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Fire Safety (Rented Accommodation)

1.30 pm

Mr. Adrian Sanders (Torbay) (LD): I wish to declare an interest, as the part-owner of two properties that are currently rented out.

Let me start by praising the measures that have improved fire safety in residential properties over the past 20 years. More than 80 per cent. of homes now have smoke alarms compared with 9 per cent. in 1987, and fire deaths halved from 1988 to 2008. Many fire authorities have carried out sterling work in increasing public awareness of not only the need to have working smoke alarms but a range of other fire safety measures.

I pay tribute to the Devon and Somerset fire and rescue service, which has worked hard on a range of prevention measures. Following a serious fire in my constituency, the authority installed more than 1,200 new smoke alarms in just two months. Building regulations currently dictate that new-build extensions and alterations should be equipped with hard-wired smoke and fire alarms. Furniture regulations also play their part in reducing the number of avoidable domestic fires, or lessening their impact, and Government have wisely invested in an effective publicity scheme. All those measures have had the impact of reducing fire deaths and increasing the number of working smoke alarms across the country.

Figures clearly show that as awareness about fire safety increases, deaths and injuries decrease, yet casualties and preventable fires continue. We have seen a number of tragic fire deaths in recent months, quite often involving rented properties. The figures speak for themselves. In 2007, there were 331 deaths from fire. Of those, 222-or two thirds-occurred in places in which there was no working smoke alarm. In 137 cases, there was no detection system at all. Is it not possible to argue that a working smoke alarm could have saved one of those 222 lives or helped to prevent one of the 9,066 non-fatal casualties from that year?

There are gaps in the regulations governing fire prevention. Outside houses in multiple occupation, it is only guidance or good practice that governs the provision of smoke and fire detection. The majority of landlords in the private and social sectors ensure that smoke alarms are available, which not only provides safety and reassurance for tenants, but is in the interests of landlords. However, a minority of rented homes do not have smoke alarms and they may well house some of the most vulnerable members of society. There is something of a correlation between the propensity to fire and the lack of fire safety devices. The Association of British Insurers highlighted that in 2001, 81 per cent. of homes had smoke alarms, but fewer than 60 per cent. of homes suffering fires had alarms.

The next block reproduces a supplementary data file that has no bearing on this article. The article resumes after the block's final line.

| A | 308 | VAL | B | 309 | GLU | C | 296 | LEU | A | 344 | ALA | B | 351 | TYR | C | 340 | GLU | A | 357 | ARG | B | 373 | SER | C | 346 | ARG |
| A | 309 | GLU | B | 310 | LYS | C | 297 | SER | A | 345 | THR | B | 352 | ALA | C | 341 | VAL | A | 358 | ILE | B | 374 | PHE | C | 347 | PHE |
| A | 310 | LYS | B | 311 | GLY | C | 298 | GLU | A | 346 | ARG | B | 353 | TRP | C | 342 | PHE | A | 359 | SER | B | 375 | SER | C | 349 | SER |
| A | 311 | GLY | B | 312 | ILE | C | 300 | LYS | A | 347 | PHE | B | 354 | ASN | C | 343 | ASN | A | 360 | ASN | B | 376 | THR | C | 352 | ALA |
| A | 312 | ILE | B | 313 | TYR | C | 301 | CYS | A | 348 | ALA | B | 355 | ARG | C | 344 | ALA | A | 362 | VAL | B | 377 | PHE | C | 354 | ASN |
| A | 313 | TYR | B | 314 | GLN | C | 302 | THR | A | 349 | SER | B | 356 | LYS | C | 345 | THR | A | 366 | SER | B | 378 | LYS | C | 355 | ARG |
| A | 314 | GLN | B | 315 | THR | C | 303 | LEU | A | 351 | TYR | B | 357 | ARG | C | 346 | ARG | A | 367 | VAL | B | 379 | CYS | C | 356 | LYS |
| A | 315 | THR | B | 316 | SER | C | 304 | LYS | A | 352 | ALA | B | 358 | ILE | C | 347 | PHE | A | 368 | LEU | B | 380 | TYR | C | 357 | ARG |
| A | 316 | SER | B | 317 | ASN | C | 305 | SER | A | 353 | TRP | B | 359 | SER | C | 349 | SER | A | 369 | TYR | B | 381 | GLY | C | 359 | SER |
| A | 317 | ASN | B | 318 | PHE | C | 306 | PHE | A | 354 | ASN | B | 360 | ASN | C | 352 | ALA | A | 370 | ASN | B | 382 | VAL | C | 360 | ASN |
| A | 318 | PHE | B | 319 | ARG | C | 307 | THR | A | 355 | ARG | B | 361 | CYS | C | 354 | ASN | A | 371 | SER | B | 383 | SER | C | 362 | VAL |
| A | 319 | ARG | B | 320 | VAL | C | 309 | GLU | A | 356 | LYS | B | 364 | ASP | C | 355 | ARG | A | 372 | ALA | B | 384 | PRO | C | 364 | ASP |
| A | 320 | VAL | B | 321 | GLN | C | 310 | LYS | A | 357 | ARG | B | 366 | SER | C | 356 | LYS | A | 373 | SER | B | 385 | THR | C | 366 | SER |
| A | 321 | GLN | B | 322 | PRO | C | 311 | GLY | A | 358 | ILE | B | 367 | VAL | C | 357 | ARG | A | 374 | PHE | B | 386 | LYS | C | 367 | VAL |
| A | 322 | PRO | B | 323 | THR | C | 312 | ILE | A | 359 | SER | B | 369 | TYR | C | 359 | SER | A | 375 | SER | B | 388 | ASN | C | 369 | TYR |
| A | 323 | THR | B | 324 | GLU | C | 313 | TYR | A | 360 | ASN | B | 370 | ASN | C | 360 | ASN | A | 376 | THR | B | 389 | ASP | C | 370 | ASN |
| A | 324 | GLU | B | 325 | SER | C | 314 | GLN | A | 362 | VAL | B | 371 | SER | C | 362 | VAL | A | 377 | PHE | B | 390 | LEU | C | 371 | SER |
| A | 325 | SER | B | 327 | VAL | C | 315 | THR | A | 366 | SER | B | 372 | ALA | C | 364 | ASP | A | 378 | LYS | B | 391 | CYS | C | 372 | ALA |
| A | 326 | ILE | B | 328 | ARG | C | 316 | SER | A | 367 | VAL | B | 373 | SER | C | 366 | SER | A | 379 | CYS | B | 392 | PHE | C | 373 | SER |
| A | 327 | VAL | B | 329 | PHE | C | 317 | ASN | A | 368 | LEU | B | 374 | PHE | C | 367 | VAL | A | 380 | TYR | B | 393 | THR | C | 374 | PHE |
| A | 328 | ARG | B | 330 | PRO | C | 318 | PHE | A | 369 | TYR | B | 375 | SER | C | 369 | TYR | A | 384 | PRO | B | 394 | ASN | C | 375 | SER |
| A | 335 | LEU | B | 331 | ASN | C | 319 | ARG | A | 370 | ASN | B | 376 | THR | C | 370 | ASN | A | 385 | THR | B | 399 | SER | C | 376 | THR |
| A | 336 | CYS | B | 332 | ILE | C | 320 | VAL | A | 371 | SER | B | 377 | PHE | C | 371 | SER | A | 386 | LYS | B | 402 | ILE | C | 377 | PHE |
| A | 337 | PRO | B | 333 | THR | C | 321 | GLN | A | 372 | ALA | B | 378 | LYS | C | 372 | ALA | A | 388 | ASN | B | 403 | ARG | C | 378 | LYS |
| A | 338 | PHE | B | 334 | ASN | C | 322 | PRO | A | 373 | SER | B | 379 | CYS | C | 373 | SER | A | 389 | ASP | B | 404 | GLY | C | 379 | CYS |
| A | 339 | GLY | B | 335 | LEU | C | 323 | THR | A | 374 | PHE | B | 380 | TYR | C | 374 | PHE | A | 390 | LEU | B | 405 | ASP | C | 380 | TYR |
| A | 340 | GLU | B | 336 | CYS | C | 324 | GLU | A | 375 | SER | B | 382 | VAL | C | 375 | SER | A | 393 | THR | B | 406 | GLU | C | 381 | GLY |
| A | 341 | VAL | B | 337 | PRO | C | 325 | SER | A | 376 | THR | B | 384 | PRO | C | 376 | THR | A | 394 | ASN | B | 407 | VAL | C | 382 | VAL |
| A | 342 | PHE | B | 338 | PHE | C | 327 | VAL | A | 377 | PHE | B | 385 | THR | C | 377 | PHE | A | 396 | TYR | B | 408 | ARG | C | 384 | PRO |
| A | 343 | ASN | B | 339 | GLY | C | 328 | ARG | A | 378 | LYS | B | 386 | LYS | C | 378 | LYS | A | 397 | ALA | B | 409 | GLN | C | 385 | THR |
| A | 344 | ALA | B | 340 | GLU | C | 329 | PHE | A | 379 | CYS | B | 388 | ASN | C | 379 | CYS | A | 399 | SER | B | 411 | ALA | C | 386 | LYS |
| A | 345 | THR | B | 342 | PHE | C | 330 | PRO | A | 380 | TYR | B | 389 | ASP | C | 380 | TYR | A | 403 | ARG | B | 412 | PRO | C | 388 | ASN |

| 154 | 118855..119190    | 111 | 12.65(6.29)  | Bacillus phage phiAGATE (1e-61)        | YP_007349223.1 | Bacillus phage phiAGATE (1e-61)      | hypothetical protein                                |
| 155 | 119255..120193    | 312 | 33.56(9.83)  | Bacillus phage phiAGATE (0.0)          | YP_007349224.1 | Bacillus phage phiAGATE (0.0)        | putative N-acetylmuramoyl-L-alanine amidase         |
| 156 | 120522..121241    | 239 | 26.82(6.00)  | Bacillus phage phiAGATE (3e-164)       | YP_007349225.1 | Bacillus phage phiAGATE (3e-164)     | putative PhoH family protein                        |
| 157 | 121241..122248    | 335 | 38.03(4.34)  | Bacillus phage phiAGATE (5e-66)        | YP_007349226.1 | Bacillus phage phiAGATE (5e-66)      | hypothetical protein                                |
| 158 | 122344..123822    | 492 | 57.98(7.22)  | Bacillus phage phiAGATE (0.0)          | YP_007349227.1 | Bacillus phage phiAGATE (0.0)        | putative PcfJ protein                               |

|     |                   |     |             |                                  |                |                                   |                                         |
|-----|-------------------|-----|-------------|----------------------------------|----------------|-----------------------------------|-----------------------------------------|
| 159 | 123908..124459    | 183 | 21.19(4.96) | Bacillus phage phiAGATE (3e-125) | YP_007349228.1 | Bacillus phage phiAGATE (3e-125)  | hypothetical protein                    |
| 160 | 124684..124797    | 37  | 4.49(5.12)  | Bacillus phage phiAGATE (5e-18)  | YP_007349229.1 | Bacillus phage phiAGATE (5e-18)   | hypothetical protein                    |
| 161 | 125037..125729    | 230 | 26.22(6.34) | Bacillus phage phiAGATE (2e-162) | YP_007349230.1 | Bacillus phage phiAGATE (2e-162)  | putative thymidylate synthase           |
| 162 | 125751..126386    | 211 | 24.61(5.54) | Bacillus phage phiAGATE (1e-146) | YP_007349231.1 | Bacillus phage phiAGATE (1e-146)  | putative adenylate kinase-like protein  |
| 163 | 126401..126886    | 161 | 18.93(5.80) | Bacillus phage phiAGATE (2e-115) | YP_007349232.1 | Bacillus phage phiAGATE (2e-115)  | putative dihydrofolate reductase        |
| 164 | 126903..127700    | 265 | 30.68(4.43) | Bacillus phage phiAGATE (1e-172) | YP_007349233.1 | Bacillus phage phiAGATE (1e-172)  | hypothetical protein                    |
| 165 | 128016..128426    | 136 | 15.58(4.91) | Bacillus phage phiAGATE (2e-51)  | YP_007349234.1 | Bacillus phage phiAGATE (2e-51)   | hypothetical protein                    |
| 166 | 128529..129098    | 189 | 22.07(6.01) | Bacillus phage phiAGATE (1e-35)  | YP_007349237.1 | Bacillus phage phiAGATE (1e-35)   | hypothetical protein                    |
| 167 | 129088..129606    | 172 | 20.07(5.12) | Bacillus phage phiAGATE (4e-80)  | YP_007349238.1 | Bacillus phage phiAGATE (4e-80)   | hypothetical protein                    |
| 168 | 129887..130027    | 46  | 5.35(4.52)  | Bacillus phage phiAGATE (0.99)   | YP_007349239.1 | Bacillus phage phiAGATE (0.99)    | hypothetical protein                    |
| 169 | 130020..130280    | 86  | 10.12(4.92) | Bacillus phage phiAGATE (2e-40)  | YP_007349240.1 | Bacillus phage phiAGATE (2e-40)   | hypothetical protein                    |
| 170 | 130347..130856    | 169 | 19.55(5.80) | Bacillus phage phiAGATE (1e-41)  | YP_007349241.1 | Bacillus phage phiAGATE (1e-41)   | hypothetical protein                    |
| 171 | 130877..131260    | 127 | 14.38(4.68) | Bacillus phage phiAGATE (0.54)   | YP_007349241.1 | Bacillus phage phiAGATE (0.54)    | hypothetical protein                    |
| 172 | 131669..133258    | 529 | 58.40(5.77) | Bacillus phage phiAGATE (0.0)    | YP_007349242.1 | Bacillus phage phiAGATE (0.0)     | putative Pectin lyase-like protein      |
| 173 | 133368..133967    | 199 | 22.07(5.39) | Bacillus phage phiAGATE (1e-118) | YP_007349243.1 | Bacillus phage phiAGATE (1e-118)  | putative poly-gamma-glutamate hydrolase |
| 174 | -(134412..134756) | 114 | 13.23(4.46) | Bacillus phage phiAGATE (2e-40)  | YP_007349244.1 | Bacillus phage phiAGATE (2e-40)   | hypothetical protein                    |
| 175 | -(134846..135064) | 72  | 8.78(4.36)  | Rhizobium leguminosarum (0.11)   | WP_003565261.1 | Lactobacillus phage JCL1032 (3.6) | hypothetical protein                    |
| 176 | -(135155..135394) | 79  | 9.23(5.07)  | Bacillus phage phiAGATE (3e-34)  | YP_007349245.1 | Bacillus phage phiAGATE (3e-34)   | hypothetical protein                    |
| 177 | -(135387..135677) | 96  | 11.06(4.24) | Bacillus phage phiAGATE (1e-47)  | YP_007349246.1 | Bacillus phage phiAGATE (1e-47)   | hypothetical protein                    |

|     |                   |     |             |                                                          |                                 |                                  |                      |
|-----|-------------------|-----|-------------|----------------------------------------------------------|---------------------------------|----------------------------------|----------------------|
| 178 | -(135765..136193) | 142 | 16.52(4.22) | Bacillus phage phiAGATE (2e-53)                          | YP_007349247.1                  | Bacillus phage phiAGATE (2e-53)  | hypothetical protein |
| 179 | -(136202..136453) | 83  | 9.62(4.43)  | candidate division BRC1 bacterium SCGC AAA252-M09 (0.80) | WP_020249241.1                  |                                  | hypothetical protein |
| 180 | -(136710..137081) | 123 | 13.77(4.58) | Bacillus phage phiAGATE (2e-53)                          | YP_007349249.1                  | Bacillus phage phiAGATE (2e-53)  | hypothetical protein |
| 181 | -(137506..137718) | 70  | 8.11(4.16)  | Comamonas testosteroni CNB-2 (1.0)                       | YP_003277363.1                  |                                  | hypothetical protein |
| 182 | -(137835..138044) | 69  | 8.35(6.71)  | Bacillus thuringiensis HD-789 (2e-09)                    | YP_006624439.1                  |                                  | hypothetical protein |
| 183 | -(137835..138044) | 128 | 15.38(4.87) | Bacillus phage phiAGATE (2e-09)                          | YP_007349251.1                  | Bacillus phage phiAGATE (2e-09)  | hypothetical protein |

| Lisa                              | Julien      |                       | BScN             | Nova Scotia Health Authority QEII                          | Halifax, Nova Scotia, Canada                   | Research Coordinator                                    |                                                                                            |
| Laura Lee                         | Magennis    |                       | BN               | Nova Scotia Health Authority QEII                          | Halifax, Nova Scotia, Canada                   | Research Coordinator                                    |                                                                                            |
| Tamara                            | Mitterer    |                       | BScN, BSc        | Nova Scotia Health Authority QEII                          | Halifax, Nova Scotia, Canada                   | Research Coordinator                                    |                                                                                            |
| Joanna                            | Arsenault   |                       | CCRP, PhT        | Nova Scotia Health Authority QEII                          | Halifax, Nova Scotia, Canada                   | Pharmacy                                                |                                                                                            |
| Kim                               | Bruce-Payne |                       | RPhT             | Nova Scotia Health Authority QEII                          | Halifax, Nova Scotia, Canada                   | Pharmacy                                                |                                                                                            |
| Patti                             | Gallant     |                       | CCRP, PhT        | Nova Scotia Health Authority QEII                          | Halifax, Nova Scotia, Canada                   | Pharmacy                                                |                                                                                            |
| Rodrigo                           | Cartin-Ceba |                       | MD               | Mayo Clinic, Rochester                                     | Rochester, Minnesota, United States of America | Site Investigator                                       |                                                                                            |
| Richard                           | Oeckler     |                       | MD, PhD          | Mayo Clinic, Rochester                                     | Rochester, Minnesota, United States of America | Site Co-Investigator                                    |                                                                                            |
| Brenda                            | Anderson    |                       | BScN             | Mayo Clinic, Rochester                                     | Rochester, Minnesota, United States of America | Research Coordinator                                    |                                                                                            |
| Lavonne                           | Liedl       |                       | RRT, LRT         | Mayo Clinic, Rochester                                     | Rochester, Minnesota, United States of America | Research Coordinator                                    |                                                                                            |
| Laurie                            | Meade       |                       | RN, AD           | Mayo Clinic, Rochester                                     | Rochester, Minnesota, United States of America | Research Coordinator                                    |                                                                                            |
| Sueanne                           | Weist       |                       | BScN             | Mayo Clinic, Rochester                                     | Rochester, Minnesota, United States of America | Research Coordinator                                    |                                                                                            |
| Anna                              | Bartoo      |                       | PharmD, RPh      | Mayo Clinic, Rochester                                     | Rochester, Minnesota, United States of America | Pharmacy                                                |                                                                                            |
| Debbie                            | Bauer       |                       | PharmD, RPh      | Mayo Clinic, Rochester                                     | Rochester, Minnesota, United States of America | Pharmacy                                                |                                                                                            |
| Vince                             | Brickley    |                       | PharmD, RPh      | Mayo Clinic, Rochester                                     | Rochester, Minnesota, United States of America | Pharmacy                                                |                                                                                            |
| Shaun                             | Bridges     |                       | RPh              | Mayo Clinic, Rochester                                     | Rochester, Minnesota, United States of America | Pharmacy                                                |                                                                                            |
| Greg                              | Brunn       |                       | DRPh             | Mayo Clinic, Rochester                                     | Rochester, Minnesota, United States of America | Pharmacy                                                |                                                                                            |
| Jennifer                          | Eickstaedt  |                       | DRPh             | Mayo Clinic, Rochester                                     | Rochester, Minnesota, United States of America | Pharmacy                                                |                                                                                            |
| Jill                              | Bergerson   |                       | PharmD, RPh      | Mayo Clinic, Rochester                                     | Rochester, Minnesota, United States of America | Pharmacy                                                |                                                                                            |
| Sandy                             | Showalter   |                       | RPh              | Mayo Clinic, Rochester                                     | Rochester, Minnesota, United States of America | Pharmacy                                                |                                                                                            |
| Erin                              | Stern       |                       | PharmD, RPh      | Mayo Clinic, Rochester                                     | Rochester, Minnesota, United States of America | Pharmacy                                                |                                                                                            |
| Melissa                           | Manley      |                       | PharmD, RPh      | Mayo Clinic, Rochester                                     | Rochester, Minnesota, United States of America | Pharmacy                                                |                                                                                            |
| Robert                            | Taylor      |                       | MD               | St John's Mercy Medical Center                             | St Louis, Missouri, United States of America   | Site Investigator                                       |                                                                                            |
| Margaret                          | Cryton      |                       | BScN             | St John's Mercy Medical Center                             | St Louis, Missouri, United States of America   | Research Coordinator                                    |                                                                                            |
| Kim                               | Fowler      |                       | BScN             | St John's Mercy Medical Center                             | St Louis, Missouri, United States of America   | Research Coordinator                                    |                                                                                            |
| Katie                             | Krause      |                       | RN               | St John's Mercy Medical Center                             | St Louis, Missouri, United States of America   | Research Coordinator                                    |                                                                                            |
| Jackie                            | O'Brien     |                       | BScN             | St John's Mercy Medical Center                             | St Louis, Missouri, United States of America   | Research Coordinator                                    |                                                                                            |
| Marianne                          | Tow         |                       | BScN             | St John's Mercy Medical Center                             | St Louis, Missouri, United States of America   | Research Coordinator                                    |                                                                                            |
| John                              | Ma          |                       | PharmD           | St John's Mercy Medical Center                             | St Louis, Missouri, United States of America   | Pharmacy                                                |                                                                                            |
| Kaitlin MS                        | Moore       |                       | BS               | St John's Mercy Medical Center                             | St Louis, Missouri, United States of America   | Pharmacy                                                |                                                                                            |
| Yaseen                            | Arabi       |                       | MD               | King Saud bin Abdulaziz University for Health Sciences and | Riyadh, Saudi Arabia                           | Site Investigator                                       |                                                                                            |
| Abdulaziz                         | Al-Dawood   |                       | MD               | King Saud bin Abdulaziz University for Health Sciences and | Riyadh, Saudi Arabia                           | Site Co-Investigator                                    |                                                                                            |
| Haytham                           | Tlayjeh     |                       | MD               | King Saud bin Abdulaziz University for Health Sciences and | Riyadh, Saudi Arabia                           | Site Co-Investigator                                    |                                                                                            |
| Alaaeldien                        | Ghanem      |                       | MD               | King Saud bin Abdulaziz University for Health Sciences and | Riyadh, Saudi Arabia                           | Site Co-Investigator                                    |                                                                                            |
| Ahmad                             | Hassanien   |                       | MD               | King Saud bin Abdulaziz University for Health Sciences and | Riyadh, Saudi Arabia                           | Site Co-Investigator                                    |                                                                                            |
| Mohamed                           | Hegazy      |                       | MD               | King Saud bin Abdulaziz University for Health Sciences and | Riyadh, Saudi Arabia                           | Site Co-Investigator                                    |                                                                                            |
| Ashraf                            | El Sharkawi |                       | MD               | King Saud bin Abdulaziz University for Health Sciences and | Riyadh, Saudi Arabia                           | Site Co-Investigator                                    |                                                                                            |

Promoting voluntary good practice among landlords has been very positive. The number of landlords becoming accredited is increasing and that reassures tenants not only that their property is relatively safer, but that their landlord appreciates their duty of care to them. Sadly, the majority of private-sector landlords do not join landlord associations in which best practice can be shared and standards raised. The good landlords pay a heavy price in reputation for the actions of the bad.

Social housing providers also need to ensure that they are working to best practice. When a recent house
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fire in my constituency highlighted the issue of fire safety, it was found that around a quarter of the properties of Riviera housing trust had no smoke alarm. Much to its credit, the association has now pledged to ensure that all properties have working smoke alarms by March 2010. Nevertheless, Government guidelines are clearly lacking if a housing association can provide a service to vulnerable people without needing to ensure safety from fire.

The key word here is "guidelines". The Housing Health and Safety Rating System highlights 29 factors that may be taken into consideration by local authorities when assessing risks to all residential properties. If fire is seen as a category 1 hazard, enforcement action can be taken. Other guidance documents over recent years have stressed the importance of smoke alarms, but local authorities are free to do as little as they wish.

A number of cases have highlighted the need for better regulation. At a recent inquest into a fatal fire in Yarcombe near Honiton in Devon, the coroner resolved to contact Ministers from the Department for Communities and Local Government to urge them to review whether smoke detection could be mandatory in rented domestic dwellings.

Earlier this year there were fire deaths in two incidents in Northumberland; at Ashington and Bedlington.